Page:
Admittedly, this idea of using the technology as a tool of creation and collaboration instead of simply a transmitter of images and sound for the benefit of the viewer’s entertainment is a different approach than the one I’m pursuing. Still, I’ve found this band of rogue theater makers who see technology as an important step in the evolution of what we do, and there is no looking back.
Jesse Ricke, who works at the Culture Hub and is one of the brains behind the technological set-up for the festival, believes that once venues start to enfold these tech-practices into their performances, then “it’ll become a force of nature” instead of merely “cool”. “When we do this stuff over distances and [we] broadcast it, we expand the scale of the performance… What we do with Contact [Theater in Manchester] we can do with a lot of confidence – [an example is the Digital Duets Performance]… [Still], we're just the first ones out of the gate, but the mainstream is inevitable. As we get better at this we'll start to figure out how to treat the tele-theater as its own form. Redesign of live narrative for the network is the central challenge with making it mainstream. And hell yes I want mainstream. ”
I also want mainstream. So, I look forward to a future where live theater can be broadcasted on the web regularly, where live performances challenge our concepts of space and time, and where performers in different time zones perform side by side and in sync.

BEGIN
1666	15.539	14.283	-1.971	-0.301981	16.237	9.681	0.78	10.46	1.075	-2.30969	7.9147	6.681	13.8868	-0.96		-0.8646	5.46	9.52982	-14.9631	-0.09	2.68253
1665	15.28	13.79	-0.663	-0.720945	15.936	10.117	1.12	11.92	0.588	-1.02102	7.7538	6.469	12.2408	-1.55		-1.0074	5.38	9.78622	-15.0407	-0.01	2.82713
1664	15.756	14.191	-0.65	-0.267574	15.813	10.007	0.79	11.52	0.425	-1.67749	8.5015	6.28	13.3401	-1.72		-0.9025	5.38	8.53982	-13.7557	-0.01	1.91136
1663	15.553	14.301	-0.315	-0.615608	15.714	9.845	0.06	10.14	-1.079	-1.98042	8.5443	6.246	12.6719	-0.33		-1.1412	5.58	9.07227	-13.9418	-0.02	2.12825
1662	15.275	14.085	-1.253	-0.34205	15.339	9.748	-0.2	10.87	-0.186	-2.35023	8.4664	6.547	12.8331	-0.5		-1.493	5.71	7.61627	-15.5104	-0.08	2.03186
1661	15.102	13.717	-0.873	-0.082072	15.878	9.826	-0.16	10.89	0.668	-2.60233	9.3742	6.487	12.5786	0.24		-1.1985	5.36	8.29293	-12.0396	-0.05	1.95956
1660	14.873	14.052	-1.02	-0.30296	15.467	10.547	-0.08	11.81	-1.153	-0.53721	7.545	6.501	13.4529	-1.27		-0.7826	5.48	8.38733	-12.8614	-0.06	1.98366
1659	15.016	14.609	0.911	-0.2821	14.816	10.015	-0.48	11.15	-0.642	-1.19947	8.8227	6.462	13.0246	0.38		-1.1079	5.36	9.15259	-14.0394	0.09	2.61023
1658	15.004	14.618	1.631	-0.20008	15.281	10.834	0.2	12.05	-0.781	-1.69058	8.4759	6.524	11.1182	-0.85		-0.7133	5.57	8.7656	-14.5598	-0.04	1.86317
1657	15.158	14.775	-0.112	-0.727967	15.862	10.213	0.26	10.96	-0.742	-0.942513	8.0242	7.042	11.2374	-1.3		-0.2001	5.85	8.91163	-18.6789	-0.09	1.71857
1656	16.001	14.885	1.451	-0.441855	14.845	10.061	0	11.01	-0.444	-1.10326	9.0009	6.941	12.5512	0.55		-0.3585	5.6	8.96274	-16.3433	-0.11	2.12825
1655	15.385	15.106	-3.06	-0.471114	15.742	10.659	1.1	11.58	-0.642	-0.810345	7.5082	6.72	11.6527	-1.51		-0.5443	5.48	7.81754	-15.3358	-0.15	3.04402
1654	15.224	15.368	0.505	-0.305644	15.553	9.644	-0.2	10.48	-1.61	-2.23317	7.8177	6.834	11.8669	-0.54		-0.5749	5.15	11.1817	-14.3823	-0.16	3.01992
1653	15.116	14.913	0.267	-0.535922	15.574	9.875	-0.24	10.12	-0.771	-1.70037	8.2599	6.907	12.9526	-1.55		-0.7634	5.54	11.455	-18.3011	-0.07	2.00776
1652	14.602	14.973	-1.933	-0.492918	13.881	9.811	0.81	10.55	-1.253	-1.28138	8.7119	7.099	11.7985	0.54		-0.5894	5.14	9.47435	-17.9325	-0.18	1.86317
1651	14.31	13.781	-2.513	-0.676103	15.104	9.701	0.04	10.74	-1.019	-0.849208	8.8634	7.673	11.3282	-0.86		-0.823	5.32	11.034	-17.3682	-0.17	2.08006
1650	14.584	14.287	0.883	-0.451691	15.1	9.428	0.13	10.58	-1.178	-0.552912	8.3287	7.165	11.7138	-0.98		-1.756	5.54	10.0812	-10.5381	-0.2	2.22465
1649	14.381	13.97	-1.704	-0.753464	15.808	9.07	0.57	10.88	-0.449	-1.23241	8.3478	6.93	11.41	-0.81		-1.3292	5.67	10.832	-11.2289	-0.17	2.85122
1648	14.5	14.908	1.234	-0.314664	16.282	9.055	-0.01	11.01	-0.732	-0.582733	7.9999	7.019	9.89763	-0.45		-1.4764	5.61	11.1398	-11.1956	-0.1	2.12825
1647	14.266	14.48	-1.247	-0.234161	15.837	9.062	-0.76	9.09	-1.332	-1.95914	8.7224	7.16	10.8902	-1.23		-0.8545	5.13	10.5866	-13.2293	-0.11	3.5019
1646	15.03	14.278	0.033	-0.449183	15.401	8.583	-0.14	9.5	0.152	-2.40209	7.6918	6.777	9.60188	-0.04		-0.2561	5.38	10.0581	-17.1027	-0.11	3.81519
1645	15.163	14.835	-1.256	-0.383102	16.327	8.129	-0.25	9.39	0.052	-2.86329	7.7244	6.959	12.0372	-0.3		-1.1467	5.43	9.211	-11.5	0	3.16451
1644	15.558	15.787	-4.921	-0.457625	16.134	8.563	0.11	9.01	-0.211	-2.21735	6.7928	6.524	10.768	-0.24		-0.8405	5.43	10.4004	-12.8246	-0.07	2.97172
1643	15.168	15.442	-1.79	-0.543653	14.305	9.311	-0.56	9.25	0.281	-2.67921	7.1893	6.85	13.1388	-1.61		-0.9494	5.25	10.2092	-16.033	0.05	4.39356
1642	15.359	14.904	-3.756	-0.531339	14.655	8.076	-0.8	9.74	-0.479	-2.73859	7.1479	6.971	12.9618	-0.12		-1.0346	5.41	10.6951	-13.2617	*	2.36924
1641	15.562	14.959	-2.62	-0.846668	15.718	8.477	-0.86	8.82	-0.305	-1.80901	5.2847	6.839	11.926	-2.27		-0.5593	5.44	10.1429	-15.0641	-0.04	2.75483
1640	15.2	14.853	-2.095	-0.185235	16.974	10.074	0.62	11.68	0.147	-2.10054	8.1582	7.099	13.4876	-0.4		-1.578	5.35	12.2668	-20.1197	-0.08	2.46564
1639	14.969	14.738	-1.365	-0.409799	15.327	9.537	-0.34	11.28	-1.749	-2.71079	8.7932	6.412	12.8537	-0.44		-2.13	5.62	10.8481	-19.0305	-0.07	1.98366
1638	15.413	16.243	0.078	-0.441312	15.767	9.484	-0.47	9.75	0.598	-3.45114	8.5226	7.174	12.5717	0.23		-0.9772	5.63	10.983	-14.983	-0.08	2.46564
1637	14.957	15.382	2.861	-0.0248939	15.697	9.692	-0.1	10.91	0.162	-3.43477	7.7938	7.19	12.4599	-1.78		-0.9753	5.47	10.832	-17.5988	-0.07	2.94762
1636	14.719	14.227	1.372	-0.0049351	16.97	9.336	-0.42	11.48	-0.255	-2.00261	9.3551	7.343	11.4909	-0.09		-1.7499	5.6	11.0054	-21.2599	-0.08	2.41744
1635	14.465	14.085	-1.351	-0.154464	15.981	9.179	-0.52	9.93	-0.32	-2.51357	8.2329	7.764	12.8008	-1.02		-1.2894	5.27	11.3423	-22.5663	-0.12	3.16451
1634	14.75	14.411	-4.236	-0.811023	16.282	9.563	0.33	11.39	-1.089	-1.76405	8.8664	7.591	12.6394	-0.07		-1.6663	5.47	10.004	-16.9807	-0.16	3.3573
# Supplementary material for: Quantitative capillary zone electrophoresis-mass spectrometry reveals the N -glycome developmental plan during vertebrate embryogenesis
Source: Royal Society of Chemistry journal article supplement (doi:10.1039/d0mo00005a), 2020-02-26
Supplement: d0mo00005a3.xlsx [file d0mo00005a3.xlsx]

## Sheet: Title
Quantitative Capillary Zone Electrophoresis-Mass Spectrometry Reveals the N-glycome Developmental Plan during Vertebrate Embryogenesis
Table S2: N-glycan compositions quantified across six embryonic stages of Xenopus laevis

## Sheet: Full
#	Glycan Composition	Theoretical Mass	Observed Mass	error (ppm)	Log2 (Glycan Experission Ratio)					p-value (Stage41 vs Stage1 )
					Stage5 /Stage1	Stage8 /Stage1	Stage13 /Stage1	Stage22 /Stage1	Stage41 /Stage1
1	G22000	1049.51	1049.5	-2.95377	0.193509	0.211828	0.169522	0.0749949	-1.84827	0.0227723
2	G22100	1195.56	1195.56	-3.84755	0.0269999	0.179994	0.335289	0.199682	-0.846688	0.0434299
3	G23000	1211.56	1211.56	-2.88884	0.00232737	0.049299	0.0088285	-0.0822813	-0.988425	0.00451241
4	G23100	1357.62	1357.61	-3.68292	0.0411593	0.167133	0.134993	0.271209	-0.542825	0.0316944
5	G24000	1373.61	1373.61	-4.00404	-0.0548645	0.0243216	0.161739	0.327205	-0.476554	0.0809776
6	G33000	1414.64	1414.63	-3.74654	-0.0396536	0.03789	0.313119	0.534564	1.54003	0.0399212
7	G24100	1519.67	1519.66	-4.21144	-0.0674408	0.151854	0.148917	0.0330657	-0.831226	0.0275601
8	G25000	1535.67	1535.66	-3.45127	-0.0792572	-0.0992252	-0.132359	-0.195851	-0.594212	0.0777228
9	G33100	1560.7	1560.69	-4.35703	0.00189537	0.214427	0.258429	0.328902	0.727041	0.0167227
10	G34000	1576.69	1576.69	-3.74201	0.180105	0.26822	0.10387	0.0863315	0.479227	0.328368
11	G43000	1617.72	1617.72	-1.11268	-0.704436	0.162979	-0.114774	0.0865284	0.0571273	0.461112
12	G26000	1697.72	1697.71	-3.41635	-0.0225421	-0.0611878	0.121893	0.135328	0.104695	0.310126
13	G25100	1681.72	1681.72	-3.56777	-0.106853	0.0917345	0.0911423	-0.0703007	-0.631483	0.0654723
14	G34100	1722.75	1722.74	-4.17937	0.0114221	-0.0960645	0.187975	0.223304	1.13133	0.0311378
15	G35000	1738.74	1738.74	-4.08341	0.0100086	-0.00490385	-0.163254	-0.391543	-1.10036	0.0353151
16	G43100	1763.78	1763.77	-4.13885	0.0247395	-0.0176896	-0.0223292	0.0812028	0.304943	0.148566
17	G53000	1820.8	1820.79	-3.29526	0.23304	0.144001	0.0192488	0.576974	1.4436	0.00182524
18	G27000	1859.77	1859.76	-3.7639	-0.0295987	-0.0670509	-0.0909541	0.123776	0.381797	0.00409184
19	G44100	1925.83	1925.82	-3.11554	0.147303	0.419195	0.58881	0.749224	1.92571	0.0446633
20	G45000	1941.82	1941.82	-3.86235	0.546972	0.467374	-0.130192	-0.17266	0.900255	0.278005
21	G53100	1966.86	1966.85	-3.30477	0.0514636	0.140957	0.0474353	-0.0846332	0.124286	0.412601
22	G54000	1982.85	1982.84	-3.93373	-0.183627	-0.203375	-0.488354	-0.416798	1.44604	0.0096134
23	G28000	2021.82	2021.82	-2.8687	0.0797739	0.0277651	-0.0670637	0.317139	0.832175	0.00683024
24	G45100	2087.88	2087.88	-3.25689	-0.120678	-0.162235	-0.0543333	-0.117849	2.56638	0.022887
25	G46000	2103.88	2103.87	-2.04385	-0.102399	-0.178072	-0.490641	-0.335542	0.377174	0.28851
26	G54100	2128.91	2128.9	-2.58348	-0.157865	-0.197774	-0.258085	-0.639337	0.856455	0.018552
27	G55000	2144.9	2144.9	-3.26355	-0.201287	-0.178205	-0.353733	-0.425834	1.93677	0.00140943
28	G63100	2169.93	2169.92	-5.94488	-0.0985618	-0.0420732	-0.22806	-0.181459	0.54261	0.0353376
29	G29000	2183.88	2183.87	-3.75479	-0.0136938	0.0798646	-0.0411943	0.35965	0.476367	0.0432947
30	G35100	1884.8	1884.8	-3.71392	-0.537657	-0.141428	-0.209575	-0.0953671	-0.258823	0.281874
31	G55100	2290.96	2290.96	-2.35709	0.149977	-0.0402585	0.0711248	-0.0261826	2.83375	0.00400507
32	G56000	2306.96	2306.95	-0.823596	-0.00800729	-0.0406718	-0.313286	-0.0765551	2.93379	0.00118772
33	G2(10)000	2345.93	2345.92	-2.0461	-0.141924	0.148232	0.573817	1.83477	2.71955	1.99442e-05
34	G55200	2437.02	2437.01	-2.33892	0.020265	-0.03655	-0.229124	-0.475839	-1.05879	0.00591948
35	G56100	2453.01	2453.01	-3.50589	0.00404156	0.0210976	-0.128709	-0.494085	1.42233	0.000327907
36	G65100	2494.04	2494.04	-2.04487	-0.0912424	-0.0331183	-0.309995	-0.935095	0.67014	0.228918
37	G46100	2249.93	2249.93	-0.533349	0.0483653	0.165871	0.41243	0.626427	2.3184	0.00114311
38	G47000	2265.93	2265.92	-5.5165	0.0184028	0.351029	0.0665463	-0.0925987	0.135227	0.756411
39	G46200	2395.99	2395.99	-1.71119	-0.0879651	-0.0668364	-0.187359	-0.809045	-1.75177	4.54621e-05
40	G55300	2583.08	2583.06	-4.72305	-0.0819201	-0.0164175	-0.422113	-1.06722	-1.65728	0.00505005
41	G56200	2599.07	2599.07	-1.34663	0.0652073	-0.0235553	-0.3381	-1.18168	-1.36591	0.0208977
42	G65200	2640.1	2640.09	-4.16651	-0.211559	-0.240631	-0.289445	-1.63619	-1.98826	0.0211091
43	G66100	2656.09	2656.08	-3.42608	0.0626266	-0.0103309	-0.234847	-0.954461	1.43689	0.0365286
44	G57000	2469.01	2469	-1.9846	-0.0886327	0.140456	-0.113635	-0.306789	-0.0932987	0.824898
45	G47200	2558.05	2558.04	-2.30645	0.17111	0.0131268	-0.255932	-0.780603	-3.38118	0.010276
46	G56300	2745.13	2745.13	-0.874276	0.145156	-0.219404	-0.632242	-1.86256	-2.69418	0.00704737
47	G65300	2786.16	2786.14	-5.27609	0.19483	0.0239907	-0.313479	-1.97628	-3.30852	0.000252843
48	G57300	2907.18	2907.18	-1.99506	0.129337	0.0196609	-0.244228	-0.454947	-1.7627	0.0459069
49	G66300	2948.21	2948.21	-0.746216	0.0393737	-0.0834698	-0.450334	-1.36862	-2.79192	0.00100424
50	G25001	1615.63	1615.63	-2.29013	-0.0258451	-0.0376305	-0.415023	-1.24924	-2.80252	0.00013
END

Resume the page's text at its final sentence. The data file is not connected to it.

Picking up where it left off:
Stay tuned….There’s more to come!
Jerome A. Parker is a playwright and lyricist from NYC. His play with music, SUITES FOR SAD MEN, had a staged reading this June with Mixed Phoenix Theater Company. This fall he is one of the featured US artists in the TIME WAVE FESTIVAL produced by LoNyLa.com.
This post is part of a weekly series from the Emerging Writers Group community of playwrights. The EWG is two-year playwriting fellowship at The Public Theater seeking to target playwrights at the earliest stages of their careers. In so doing, The Public hopes to create an artistic home for a diverse and exceptionally talented group of up-and-coming playwrights.